Sunday, November 25, 2007


I hate to interrupt the guest posters, but this morning I read Mark Halperin's New York Times op-ed, and I'm wondering if Halperin understands that the famous "Kick my ass!" scene in Spinal Tap was actually meant to be a joke.

Once upon a time, Beltway insiders and insider-wannabes were in awe of Halperin's daily online political newsletter, The Note; go read the long feature story about him in a fall '04 issue of The New Yorker if you want to see how big a star he seemed to be.

Then last year he co-authored a non-bestseller about presidential politics; this year he published another non-bestseller on the same subject. When the first book failed to take off, he made the rounds of the right-wing media, telling the wingnuts how awful he and his fellow journalists are because they don't kiss the feet of movement conservatives and evangelicals with sufficient frequency (though he insisted he was much better at that than his peers). That didn't help sales -- but in the Times today he's saying "Kick our asses!" again, this time declaring that he and other journalists have long paid far too much attention to the campaigning skills of presidential candidates:

MORE than any other book, Richard Ben Cramer's "What It Takes," about the 1988 battle for the White House, influenced the way I cover campaigns.

I'm not alone. The book's thesis -- that prospective presidents are best evaluated by their ability to survive the grueling quadrennial coast-to-coast test of endurance required to win the office -- has shaped the universe of political coverage....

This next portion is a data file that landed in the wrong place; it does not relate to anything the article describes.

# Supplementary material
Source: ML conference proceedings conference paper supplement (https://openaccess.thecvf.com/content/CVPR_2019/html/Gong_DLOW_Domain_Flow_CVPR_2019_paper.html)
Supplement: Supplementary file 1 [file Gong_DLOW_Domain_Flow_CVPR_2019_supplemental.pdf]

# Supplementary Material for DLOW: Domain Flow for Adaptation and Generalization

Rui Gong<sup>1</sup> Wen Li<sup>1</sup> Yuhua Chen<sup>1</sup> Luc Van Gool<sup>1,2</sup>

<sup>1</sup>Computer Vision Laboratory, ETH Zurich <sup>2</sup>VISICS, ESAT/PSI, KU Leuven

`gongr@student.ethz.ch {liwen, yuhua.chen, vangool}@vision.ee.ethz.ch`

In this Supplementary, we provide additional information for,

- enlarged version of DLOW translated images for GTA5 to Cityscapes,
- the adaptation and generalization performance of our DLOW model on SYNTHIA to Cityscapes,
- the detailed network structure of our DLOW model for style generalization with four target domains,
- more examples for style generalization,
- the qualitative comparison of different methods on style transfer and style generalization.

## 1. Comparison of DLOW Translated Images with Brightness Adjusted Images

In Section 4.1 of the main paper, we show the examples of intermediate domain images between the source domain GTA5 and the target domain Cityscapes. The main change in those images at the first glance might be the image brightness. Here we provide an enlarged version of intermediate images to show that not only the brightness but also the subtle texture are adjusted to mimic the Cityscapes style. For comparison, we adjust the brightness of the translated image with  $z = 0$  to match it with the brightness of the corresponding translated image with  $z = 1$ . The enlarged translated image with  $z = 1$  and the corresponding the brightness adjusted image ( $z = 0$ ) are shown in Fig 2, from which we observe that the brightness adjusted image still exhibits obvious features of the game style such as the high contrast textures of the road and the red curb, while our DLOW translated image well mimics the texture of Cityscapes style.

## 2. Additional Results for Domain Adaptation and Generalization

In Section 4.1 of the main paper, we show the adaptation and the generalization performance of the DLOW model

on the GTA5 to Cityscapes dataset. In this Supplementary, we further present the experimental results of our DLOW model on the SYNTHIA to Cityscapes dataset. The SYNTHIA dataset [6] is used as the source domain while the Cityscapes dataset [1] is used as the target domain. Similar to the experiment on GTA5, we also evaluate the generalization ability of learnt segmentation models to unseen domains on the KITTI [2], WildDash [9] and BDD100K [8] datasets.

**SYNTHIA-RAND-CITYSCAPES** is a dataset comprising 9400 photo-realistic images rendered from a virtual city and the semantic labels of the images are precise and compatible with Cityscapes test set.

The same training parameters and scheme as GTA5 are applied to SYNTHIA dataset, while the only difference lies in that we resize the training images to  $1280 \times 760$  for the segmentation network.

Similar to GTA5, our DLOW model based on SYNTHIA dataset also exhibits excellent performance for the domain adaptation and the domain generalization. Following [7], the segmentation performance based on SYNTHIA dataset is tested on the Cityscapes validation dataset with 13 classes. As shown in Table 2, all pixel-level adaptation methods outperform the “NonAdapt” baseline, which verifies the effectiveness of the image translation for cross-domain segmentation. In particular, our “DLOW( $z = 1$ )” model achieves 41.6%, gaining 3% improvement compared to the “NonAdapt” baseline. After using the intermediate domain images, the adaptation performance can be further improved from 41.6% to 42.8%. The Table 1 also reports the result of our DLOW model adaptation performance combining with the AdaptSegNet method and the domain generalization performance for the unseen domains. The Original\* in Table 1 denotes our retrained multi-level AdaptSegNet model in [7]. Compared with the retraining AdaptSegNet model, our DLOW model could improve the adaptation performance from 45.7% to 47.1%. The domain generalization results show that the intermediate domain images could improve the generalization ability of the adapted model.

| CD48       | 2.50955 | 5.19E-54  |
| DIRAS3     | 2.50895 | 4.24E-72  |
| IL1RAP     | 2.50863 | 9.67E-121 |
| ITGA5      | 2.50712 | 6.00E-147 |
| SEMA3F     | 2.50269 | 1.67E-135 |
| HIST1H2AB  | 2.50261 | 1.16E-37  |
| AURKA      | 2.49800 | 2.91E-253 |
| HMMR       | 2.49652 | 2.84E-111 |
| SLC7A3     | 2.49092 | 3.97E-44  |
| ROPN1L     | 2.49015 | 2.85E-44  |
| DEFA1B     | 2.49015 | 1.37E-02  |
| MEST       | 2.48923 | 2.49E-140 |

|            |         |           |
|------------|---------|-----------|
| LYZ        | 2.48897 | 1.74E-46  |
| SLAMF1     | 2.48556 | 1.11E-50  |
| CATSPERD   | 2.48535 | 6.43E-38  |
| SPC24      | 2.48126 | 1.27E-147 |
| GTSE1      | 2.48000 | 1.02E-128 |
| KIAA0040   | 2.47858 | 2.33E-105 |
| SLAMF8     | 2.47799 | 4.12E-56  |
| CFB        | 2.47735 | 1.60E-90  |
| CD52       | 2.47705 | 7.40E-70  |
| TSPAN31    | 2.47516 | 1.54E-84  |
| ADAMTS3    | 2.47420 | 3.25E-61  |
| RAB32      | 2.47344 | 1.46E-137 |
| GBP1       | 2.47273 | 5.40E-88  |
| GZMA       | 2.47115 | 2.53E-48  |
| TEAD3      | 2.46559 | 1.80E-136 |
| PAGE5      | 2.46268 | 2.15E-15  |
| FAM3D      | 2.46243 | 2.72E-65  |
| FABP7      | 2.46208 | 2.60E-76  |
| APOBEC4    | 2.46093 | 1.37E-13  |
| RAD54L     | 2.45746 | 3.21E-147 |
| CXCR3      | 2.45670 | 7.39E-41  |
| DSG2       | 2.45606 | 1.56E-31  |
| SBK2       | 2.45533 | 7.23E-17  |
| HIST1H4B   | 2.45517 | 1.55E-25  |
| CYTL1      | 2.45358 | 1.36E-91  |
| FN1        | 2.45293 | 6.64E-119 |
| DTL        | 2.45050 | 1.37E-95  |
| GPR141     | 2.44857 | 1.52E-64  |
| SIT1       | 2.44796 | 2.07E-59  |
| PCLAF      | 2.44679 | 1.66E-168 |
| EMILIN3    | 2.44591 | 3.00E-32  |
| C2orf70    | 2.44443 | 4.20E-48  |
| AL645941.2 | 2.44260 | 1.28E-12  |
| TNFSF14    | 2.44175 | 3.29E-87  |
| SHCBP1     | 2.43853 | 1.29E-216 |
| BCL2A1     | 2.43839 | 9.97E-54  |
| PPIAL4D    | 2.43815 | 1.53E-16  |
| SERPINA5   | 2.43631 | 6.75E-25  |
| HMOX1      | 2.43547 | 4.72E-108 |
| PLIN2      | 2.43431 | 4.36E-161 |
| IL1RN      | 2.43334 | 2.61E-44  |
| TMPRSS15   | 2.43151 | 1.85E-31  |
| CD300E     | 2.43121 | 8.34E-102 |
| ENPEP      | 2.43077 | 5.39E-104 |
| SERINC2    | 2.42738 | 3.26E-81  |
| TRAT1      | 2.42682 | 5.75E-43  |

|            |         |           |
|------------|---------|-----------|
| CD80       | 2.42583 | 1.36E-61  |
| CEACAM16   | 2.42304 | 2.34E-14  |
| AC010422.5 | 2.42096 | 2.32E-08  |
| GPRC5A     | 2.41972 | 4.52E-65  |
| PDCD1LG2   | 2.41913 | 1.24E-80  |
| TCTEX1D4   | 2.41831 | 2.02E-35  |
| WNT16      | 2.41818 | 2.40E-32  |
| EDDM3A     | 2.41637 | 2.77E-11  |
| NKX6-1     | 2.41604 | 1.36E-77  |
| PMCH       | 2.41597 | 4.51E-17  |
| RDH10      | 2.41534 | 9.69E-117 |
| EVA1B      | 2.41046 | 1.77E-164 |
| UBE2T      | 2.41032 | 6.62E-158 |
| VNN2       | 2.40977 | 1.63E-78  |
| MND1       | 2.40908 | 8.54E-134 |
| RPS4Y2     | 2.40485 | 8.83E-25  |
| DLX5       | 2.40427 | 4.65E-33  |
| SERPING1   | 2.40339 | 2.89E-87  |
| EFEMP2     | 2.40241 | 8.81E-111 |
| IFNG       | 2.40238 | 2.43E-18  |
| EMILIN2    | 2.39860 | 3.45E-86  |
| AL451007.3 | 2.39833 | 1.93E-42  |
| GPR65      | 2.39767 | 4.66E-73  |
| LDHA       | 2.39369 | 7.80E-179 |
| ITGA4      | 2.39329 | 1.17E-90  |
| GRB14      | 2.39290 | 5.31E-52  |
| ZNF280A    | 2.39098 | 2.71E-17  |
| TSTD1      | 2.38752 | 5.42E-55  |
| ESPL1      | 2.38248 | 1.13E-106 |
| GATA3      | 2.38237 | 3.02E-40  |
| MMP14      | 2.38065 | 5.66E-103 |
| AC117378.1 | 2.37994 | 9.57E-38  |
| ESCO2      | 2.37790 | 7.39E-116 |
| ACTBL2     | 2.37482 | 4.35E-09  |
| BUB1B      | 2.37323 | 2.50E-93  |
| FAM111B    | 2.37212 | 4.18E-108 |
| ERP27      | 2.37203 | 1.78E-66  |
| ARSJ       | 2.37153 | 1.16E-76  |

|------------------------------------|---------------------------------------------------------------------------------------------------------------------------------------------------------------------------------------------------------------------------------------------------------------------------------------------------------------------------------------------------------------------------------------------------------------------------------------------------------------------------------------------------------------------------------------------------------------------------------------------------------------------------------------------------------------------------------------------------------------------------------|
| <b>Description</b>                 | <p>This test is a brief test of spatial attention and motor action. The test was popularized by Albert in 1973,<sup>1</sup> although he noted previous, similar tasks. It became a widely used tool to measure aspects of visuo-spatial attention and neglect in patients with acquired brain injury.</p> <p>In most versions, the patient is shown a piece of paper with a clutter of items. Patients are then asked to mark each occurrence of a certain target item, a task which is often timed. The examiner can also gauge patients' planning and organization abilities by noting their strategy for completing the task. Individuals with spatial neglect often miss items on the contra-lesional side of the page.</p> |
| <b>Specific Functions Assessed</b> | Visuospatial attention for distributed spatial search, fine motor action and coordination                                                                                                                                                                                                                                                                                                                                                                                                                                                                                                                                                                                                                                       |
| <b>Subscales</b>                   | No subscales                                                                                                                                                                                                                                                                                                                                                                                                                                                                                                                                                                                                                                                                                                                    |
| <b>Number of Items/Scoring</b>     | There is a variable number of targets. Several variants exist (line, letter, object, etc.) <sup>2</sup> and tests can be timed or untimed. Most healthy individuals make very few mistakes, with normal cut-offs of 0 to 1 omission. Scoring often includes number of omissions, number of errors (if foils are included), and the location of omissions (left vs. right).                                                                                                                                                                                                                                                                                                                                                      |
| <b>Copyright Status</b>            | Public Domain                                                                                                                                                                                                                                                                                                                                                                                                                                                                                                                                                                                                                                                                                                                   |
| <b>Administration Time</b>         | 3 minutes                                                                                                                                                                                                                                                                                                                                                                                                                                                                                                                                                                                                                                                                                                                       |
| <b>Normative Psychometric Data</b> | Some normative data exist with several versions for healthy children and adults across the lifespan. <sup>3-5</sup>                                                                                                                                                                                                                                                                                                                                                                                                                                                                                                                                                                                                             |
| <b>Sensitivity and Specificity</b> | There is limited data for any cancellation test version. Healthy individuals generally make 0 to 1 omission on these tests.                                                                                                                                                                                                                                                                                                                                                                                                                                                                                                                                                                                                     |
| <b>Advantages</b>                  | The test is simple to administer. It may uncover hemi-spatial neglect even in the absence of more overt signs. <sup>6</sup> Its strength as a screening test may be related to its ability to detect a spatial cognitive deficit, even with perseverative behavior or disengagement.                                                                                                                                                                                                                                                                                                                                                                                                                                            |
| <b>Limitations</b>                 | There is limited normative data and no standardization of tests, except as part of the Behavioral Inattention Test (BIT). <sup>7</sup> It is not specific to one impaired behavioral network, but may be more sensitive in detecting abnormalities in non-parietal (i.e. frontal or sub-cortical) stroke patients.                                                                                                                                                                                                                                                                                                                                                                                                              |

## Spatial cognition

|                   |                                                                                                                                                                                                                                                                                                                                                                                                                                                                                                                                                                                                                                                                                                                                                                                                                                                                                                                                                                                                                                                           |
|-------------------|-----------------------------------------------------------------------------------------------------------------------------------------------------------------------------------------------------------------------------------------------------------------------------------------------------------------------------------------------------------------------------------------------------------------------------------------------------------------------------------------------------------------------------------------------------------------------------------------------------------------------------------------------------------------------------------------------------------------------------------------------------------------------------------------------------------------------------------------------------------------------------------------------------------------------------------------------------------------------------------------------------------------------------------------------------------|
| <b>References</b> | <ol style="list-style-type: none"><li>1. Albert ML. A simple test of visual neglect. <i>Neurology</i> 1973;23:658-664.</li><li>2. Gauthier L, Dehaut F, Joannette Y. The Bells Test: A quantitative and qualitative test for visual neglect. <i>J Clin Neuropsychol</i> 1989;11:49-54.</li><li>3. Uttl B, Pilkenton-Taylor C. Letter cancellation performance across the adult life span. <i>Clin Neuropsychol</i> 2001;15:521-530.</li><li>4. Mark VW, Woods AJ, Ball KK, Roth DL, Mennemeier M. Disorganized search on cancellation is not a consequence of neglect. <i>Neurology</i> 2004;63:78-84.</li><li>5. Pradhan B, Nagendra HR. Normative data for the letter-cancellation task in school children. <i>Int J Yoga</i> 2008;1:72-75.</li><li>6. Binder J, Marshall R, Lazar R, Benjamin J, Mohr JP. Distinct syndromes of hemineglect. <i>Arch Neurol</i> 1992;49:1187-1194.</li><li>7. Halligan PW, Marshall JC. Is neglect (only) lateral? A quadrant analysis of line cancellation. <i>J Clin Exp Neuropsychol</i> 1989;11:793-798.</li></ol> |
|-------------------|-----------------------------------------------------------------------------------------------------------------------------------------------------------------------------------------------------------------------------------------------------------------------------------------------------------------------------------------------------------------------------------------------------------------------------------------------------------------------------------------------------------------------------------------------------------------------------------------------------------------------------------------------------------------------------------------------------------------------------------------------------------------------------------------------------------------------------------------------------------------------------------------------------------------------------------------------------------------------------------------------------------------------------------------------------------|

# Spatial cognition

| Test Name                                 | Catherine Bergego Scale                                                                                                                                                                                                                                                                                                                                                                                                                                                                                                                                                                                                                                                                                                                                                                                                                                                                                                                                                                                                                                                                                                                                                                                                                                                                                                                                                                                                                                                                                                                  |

For most of my time covering presidential elections, I shared the view that there was a direct correlation between the skills needed to be a great candidate and a great president. The chaotic and demanding requirements of running for president, I felt, were a perfect test for the toughest job in the world.

But now I think I was wrong. The "campaigner equals leader" formula that inspired me and so many others in the news media is flawed....

I believe the technical term for this is "a keen grasp of the obvious."

Any reasonably intelligent person figured this out years ago -- why are we supposed to give Halperin brownie points for understanding it now? What's more, why did he ever believe it in the first place, and why does Richard Ben Cramer get the blame? What It Takes was about the 1988 presidential campaign but didn't appear in print until the summer of 1992. It was certainly obvious to the voters by then that the guy who'd had "what it took" to win the '88 election hadn't been a particularly good president, which is why they resoundingly rejected him at the polls five months later. Why wasn't it obvious to Halperin?

That's why the last paragraph of Halperin's op-ed particularly rankles:

If past is prologue, the winners of the major-party nominations will be those who demonstrate they have what it takes to win. But in the short time remaining voters and journalists alike should be focused on a deeper question: Do the candidates have what it takes to fill the most difficult job in the world?

I love that "voters and journalists alike" -- it's as if Halperin, waking up in the gutter after a three-day bender, is looking up telling the people from the Salvation Army, "You know, all of us have to stop drinking so much."

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